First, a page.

Right, so technically it’s my second article in a row in which I mention European inflation. In last Friday’s “Potpourri for $500, Alex”, I noted that core European inflation rebounded to 1.1% after being counted for dead at 0.7% last month. But what is illustrated above is the inflation swaps market, and so is forward-looking. I think this looks a lot more dramatic: investors expect 5-year European inflation to average 1.5% over the next 5 years (a year ago, they were at 1.1% or so and two years ago the market was at 0.7%), and to converge up towards 1.8% where the 5y, 5y forward inflation swap indicates the approximate long-run expectation since it’s not significantly influenced by wiggles in energy.

Continue reading European Inflation Concerns Also Rising?

Chart of the Week: Eurozone Credit Risk

By Callum Thomas

This week it’s a look at credit risk pricing in the Eurozone. This is a chart I’ve been using a lot in recent months, of course as of the last week it’s looking a bit more interesting now!  The reason why I’ve highlighted this chart in the past is that post-financial crisis, sovereign credit risk pricing did calm down, but to a new plateau.  In contrast, corporate credit risk pricing just got back to business down to pre-crisis lows.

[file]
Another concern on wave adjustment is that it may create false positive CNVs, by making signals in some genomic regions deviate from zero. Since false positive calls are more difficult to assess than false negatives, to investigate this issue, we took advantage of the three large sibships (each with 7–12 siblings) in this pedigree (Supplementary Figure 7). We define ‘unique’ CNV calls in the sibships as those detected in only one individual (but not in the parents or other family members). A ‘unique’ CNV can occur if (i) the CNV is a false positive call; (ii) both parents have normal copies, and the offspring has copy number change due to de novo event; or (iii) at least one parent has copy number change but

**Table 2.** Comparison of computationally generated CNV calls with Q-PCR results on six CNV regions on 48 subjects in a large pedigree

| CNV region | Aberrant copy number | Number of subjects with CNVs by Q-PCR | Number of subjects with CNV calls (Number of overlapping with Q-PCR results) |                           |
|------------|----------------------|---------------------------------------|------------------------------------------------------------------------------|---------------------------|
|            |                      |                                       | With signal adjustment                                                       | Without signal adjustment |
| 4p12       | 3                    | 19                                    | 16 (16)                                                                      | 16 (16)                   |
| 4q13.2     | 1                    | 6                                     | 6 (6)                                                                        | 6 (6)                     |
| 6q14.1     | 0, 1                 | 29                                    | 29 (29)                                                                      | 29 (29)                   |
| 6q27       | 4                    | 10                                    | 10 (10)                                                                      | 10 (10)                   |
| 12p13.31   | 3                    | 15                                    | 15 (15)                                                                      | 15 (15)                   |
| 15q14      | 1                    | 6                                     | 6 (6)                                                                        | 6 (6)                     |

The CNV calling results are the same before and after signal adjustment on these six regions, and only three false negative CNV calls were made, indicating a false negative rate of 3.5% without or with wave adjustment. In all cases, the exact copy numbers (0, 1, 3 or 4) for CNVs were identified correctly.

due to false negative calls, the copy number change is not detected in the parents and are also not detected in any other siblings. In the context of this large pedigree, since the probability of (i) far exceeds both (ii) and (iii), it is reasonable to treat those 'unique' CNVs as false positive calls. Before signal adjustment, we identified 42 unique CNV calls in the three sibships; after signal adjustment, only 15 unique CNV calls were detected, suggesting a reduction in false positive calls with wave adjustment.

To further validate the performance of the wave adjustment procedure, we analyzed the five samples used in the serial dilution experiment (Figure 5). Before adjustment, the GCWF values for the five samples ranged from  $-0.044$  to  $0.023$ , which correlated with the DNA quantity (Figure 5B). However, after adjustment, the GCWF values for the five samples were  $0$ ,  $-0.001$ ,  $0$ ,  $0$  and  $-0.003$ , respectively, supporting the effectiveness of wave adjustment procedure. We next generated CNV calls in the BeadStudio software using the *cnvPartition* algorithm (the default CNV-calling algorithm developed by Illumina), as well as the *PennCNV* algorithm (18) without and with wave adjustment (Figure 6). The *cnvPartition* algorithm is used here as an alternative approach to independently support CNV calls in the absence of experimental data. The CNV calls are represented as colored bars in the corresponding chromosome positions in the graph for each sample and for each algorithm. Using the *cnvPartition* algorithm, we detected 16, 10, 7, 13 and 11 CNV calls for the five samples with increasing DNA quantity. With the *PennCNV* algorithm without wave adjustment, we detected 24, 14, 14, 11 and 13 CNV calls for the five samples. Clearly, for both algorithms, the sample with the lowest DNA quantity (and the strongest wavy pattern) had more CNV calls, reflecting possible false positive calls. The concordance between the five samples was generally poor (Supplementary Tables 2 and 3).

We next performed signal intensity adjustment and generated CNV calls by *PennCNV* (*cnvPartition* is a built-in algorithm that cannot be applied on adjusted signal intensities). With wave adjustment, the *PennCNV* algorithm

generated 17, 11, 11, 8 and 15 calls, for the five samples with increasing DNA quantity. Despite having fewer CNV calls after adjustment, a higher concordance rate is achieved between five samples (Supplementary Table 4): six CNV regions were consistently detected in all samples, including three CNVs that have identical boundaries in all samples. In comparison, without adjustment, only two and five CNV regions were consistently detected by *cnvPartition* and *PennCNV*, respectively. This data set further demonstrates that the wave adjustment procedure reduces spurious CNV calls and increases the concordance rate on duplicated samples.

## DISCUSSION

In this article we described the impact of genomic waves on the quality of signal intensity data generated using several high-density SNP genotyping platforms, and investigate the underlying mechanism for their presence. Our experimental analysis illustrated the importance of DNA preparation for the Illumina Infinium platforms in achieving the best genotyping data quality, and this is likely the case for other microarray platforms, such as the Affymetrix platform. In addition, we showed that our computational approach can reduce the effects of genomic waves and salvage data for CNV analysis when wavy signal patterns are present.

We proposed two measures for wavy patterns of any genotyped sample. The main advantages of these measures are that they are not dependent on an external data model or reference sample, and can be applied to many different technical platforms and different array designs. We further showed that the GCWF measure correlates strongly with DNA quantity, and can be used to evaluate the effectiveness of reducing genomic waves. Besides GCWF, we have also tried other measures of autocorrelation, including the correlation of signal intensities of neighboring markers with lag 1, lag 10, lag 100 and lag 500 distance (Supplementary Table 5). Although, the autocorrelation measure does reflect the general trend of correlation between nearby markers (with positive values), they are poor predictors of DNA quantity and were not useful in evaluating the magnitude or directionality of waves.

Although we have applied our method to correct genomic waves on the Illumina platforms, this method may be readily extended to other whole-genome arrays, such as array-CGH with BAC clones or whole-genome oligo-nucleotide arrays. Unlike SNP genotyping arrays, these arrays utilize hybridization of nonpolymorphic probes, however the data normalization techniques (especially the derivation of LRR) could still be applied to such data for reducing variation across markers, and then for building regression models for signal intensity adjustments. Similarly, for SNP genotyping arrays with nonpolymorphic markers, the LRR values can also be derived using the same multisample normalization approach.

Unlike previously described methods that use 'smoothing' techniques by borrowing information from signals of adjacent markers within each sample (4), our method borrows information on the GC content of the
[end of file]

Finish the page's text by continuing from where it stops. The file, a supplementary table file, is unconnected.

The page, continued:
The chart comes from a report on Eurozone equities, where I discussed the revised outlook based on changing signals from valuation, risk pricing, economic sentiment, and the earnings/macro backdrop.  I think this chart is certainly one of the key risk monitor charts investors should have on their radar.

Briefly, on the actual detail, the black line is European high yield credit spreads, and the blue line is the spread between the benchmark Eurozone 10-year government bond yield, and that of Germany.  For both indicators, I have taken the Z-Score in order to standardize them and put them on a comparable scale.